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Obstet Gynecol. 1999 Aug;94(2):209-12.

Subcutaneous fat in the fetal abdomen as a predictor of growth restriction.

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Coombe Women's Hospital, Dublin, Republic of Ireland.



To determine if measuring fetal abdominal fat antenatally using ultrasound can predict fetal growth restriction (FGR).


One hundred thirty-seven unselected women with singleton pregnancies had serial ultrasound scans at 20, 26, 31, and 38 weeks' gestation. Subcutaneous fat in the fetal abdomen was measured using the same section as the abdominal circumference (AC). Outcome measures were birth weight, neonatal morbidity, and ponderal index.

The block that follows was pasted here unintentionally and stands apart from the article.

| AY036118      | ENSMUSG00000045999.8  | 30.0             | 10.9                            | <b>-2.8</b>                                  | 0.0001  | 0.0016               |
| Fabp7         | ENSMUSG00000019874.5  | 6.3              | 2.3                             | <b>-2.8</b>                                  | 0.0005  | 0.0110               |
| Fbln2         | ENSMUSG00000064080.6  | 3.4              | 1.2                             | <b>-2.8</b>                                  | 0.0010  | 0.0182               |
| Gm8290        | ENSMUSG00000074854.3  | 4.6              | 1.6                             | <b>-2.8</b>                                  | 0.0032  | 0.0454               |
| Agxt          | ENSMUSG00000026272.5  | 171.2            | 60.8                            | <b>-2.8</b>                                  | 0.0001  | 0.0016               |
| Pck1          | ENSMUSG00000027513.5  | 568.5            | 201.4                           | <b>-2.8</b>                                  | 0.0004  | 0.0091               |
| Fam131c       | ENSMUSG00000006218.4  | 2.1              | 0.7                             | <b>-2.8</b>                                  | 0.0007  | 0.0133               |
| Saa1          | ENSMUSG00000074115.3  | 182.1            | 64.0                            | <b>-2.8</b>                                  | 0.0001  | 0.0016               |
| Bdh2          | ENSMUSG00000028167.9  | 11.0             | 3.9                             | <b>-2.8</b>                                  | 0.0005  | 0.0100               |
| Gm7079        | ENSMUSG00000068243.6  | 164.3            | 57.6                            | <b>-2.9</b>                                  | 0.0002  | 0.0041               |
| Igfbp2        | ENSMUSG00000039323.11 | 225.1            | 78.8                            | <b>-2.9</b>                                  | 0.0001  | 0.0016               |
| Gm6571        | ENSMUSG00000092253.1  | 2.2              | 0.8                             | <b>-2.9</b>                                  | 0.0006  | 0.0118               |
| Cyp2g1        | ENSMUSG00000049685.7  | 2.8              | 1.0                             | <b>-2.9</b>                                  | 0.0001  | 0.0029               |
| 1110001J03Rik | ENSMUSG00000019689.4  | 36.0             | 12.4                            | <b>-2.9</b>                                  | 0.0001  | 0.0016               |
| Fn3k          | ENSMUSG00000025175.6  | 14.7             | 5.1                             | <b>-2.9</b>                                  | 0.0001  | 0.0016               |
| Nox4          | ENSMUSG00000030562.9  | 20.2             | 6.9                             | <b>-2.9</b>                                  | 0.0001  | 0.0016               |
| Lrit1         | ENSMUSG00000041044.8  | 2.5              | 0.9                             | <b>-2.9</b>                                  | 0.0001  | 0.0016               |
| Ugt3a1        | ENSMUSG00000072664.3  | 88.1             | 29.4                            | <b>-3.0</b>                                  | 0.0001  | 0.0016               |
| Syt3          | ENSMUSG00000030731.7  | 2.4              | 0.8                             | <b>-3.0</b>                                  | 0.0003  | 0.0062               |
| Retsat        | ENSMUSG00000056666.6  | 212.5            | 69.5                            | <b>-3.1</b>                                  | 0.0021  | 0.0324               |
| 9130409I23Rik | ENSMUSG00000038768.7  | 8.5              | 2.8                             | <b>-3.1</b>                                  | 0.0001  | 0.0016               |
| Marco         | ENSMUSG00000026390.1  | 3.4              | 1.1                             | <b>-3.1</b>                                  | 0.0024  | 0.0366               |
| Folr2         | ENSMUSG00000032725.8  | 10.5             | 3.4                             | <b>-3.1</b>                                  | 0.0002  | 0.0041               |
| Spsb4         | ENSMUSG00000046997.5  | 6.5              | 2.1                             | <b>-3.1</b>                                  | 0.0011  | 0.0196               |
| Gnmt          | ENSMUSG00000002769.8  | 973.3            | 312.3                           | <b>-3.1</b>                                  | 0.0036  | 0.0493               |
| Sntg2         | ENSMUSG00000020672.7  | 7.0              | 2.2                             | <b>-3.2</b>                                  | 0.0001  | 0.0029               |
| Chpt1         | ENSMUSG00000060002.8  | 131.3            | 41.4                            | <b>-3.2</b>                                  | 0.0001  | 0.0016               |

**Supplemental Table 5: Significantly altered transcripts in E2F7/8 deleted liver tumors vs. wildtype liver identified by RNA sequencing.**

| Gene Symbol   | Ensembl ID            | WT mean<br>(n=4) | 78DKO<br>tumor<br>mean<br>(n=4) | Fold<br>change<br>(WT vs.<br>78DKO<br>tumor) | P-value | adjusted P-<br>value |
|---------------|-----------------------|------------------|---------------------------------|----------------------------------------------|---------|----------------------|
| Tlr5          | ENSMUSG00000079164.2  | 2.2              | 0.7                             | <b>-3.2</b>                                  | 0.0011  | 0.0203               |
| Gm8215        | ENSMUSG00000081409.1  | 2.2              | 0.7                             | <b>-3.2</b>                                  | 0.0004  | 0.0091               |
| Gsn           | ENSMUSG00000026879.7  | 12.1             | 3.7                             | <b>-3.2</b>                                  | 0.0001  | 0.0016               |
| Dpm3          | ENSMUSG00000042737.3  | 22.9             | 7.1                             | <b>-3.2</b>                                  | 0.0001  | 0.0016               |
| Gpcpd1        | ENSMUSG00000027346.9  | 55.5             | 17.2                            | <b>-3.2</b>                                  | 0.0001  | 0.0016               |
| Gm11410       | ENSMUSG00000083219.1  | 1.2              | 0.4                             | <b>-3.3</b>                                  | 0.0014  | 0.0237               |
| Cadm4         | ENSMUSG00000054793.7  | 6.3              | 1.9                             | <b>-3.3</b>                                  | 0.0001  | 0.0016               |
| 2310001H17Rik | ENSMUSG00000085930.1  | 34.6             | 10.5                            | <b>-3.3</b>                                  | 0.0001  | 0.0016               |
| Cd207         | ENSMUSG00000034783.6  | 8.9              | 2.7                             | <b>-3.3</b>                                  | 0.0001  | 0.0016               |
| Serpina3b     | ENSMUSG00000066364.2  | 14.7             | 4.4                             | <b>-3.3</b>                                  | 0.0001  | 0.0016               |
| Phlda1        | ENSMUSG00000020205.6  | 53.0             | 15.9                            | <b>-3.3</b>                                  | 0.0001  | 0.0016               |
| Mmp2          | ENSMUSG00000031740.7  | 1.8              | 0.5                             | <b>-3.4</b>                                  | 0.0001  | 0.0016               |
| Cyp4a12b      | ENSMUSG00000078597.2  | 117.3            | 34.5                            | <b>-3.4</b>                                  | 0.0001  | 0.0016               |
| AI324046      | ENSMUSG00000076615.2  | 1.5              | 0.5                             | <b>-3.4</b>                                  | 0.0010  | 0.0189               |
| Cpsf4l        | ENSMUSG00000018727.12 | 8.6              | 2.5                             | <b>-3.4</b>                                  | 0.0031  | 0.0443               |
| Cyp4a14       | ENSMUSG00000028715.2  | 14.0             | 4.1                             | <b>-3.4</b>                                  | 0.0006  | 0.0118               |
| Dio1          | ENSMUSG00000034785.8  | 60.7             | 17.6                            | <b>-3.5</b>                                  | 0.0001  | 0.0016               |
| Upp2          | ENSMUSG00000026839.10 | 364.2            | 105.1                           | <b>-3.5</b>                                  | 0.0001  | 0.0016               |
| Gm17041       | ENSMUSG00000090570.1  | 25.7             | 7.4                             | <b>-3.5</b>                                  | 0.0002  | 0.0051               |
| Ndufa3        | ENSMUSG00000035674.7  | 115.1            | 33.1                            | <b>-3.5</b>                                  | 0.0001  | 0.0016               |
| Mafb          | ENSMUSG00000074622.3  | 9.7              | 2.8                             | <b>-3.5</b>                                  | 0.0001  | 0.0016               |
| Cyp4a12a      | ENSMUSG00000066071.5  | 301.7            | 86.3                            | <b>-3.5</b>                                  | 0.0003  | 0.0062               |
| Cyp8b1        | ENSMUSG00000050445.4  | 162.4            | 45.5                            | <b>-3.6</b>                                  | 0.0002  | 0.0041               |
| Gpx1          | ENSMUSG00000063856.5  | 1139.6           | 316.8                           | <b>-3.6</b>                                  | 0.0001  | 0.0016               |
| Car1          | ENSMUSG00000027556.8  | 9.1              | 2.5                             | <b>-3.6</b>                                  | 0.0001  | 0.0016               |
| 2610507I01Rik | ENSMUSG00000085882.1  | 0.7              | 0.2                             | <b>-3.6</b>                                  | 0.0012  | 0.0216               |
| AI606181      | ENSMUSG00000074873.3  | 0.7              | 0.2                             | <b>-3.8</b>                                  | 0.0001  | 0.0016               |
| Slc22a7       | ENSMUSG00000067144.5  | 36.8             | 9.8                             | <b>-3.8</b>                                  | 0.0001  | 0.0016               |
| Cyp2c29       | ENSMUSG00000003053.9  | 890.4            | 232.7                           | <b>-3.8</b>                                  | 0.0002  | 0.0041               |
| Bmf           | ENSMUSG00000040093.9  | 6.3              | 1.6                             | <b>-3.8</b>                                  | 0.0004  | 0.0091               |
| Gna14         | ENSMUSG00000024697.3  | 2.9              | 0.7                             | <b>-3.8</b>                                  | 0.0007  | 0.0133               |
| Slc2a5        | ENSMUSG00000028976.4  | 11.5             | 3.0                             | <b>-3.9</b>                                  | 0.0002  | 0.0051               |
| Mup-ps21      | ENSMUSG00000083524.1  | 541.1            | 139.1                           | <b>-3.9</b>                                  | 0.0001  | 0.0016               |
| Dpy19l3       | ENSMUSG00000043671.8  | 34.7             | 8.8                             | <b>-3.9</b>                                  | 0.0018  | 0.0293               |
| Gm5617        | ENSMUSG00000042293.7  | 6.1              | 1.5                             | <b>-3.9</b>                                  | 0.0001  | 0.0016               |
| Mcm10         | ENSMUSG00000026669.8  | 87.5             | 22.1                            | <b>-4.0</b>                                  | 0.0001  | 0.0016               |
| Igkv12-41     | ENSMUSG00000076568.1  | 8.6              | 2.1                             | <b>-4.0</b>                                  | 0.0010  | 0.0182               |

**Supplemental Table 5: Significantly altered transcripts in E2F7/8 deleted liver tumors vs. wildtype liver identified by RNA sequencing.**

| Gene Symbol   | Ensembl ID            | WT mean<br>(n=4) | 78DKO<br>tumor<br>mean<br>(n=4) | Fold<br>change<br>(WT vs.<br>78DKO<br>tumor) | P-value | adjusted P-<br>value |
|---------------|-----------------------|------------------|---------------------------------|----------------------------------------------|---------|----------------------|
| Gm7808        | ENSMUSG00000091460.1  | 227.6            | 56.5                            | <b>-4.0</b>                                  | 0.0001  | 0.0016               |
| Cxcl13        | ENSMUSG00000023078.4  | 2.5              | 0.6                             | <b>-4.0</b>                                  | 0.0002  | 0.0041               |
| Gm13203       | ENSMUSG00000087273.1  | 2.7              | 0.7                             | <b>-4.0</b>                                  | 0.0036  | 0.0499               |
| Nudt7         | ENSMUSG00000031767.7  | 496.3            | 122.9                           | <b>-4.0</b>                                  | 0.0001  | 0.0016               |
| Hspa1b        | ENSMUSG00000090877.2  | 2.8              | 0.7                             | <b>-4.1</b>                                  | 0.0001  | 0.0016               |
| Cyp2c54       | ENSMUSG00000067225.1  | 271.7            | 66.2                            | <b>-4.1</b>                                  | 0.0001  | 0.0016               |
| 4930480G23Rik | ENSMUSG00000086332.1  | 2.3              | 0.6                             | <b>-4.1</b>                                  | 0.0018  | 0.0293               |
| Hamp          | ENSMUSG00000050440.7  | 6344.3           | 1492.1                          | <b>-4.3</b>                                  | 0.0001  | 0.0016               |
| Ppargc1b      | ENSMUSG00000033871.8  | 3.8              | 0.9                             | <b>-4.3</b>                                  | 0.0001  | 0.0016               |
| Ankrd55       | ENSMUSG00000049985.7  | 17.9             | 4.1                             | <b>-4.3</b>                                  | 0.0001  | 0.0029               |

Infants with subcutaneous fat less than 5 mm at 38 weeks (n = 51) were almost five times more likely to have a birth weight below the 10th centile than those with subcutaneous fat of 5 mm or more (n = 75). The incidence of neonatal morbidity was significantly higher in infants with subcutaneous fat less than 5 mm, compared with those with subcutaneous fat of 5 mm or more (20% versus 8%, P < .05). Decreased subcutaneous fat was also associated with a high prevalence of low ponderal index, regardless of birth weight category.


Measurement of fat in the abdominal wall is a simple technique with a sensitivity for predicting low birth weight similar to that of conventional sonography and might potentially predict FGR irrespective of fetal weight.

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